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Sadc leaders arrive in S.Africa for summit

ZIMBABWEAN and regional political leaders arrived in Pretoria, South Africa on Sunday ahead of Monday’s Extraordinary Summit on Zimbabwe which is expected to be attended by all leaders of the 15-nation Southern African Development Community (Sadc).
The meeting which will be chaired by South African President and current Sadc Chair, Kgalema Motlanthe will seek to break the deadlock in the all-party power-sharing negotiations aimed at resolving the political and economic crisis in Zimbabwe.
President Mugabe and his Zanu PF delegation arrived on Sunday. The delegation includes negotiators to the talks and Justice Minister Patrick Chinamasa, Labour and Social Welfare Minister Nicholas Goche and Minister of Rural Housing and Social Amenities Emmerson Mnangagwa — as well as Foreign Affairs Minister Simbarashe Mumbengegwi.
The larger formation of the Movement for Democratic Change confirmed that party leader, Morgan Tsvangirai, Secretary General Tendai Biti and deputy party leader Thokozani Khupe were heading to the South African capital on Sunday.

Professor Arthur Mutambara who leads the breakaway formation of the MDC, Secretary General Professor Welshman Ncube and Priscilla Misihairabwi-Mushonga were also reportedly in Pretoria.
President Lt Gen. Seretse Khama Ian Khama, who was the first Sadc head of state to confirm his attendance to the extraordinary Summit on Monday, arrived in Prestoria yesterday.
President Rupiah Banda of Zambia and his entourage touched down at Oliver R. Tambo International Airport around 15:15 hours yesterday. He visited Zambia’s Chief Justice Ernest Sakala and that country’s Chief Whip Vernon Mwaanga who are currently receiving medical attention in South Africa, before being whisked to Sandton Southern Sun Hotel where he is lodging.
Namibian news agency, Nampa confirmed that President Hifikepunye Pohamba will definitely be attending the summit.
The Extraordinary summit follows a Sadc meeting that was held in Zimbabwe last Monday. The outcome of the meeting was inconclusive.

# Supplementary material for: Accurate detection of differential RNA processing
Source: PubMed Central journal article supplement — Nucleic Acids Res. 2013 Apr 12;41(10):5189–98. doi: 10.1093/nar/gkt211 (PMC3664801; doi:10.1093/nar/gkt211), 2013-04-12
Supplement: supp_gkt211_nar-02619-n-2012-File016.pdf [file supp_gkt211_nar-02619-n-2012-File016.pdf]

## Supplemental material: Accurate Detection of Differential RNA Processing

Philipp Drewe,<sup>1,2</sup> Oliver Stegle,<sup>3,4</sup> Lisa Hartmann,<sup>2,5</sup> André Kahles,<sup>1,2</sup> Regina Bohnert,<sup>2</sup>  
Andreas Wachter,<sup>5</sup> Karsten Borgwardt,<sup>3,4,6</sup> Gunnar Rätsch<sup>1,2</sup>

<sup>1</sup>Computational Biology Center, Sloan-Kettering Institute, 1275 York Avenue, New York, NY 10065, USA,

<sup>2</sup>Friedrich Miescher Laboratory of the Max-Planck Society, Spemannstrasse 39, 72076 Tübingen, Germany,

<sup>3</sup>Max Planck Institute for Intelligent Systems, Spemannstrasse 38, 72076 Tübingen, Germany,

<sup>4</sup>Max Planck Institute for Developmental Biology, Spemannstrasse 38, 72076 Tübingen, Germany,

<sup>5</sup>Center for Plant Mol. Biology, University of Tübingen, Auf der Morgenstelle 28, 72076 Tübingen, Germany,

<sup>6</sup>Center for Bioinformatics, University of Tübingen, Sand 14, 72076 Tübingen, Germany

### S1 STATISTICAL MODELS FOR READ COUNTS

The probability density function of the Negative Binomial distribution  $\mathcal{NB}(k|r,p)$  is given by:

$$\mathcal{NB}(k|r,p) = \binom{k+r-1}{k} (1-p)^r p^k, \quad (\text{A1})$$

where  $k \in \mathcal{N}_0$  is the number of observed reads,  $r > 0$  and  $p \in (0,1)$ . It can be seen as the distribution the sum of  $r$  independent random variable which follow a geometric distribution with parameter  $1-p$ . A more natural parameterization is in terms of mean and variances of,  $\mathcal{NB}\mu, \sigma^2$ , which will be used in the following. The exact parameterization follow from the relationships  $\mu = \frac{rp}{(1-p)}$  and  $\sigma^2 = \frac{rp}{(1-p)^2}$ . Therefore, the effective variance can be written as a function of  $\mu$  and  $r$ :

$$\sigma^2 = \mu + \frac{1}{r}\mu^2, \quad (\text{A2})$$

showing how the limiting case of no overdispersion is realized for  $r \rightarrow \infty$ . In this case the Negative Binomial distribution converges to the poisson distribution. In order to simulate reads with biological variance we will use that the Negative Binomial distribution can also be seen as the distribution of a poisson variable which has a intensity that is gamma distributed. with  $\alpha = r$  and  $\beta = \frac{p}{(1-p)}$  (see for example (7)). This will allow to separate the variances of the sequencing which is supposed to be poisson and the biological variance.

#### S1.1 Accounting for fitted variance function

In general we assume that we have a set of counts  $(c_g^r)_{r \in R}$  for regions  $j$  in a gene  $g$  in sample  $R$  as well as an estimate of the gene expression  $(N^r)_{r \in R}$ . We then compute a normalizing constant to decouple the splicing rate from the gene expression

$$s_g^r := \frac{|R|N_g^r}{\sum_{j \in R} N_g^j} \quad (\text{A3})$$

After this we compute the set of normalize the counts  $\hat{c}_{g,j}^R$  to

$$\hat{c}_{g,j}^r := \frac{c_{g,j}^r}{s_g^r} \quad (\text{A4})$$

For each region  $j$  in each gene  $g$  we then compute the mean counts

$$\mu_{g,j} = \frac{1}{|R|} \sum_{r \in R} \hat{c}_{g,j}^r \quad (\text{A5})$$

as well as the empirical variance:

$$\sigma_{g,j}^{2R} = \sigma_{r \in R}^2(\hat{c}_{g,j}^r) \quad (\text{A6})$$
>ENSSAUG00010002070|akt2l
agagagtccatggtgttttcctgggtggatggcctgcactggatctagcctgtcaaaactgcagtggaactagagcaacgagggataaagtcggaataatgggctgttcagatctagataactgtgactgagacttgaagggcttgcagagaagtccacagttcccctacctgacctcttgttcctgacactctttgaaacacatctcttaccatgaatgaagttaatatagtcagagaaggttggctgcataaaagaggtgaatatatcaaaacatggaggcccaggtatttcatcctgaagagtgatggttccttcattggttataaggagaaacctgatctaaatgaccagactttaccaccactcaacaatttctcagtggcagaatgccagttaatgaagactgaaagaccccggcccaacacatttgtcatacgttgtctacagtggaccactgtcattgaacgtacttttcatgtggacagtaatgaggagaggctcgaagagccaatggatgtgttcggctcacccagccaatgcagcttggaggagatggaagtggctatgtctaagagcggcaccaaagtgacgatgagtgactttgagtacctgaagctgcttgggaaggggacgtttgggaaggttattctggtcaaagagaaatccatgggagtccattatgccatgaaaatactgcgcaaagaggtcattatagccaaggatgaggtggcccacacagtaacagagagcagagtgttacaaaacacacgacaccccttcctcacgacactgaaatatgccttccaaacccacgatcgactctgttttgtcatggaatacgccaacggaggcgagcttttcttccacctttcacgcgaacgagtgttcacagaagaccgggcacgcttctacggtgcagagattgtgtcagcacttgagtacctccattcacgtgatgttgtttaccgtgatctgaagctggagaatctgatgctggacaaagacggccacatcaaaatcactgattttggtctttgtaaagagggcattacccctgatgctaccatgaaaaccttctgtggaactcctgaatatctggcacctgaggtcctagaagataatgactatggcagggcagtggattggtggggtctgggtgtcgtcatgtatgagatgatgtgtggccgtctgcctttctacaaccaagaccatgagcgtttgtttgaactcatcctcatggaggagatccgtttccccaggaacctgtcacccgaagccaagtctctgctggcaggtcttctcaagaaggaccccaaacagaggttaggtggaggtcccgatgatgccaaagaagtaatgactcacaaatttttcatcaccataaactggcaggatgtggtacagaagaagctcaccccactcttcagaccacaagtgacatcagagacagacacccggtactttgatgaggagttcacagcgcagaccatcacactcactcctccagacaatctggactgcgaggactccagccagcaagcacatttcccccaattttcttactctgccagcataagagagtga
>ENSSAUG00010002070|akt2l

It was attended by President Motlanthe, his Mozambican counterpart and deputy chair of the Sadc Organ Troika and President of Mozambique Armando Emilia Guebuza and former SA President Thabo Mbeki - all of whom will be in attendance at today's summit.
The last extraordinary summit on Zimbabwe held in Sandton, South Africa on 9 November 2008, resolved that an all-inclusive Government be formed forthwith in Zimbabwe and that the Ministry of Home Affairs be co-managed between the Zanu PF and MDC-T.
The regional leaders recommended that the efficacy of the above arrangement be reviewed after six months by the Parties with the assistance of the guarantors, Sadc, AU and the Facilitator and that to give effect to these decisions and the provisions of the Global Political Agreement, the Parties must, without any further delay, introduce the Constitution of Zimbabwe Amendment Number 19.
Zanu PF hopes that Sadc will not veer from this position and has indicated that it will not agree to any more concessions.
The MDC party refused to join the all-inclusive Government saying two issues remained unresolved.
Tsvangirai said the crucial issues were the equitable allocation of cabinet positions and provincial governorships, and the release of opposition supporters and human rights activists who are remanded in custody pending court hearing on allegations of training militias to topple the Government of President Mugabe.
The Zanu PF party argues that outstanding issues raised by MDC-T should be dealt with after an all-inclusive Government is formed.
Regional leaders see the unity agreement signed by the main parties on September 15, 2008 as the best chance to resolve the crises in the country.


Meanwhile, the Danish Government has expressed support for the latest effort by Sadc to resolve the Zimbabwean crisis.
Danish Foreign Minister Per Stig Moller said an African solution must be found to the economic, political and social crisis in Zimbabwe.
It is an African problem and we hope that there will be an African solution," the minister said at the Union Buildings in South Africa on Friday where he held meetings with his South African counterpart, Dr Nkosazana Dlamini Zuma.
"We know of the Southern African Development Community [SADC] meeting on Monday and we hope that SADC will use its influence to make sure a solution to the political impasse is found," he said.
Dr Zuma said Monday’s extraordinary Sadc summit will only facilitate the process necessary to end the crisis in Zimbabwe. She explained that it was unfortunately not entirely in the hands of Sadc, but with the three leaders of the main parties in Zimbabwe.

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Sadc leaders arrive in S.Africa for summit


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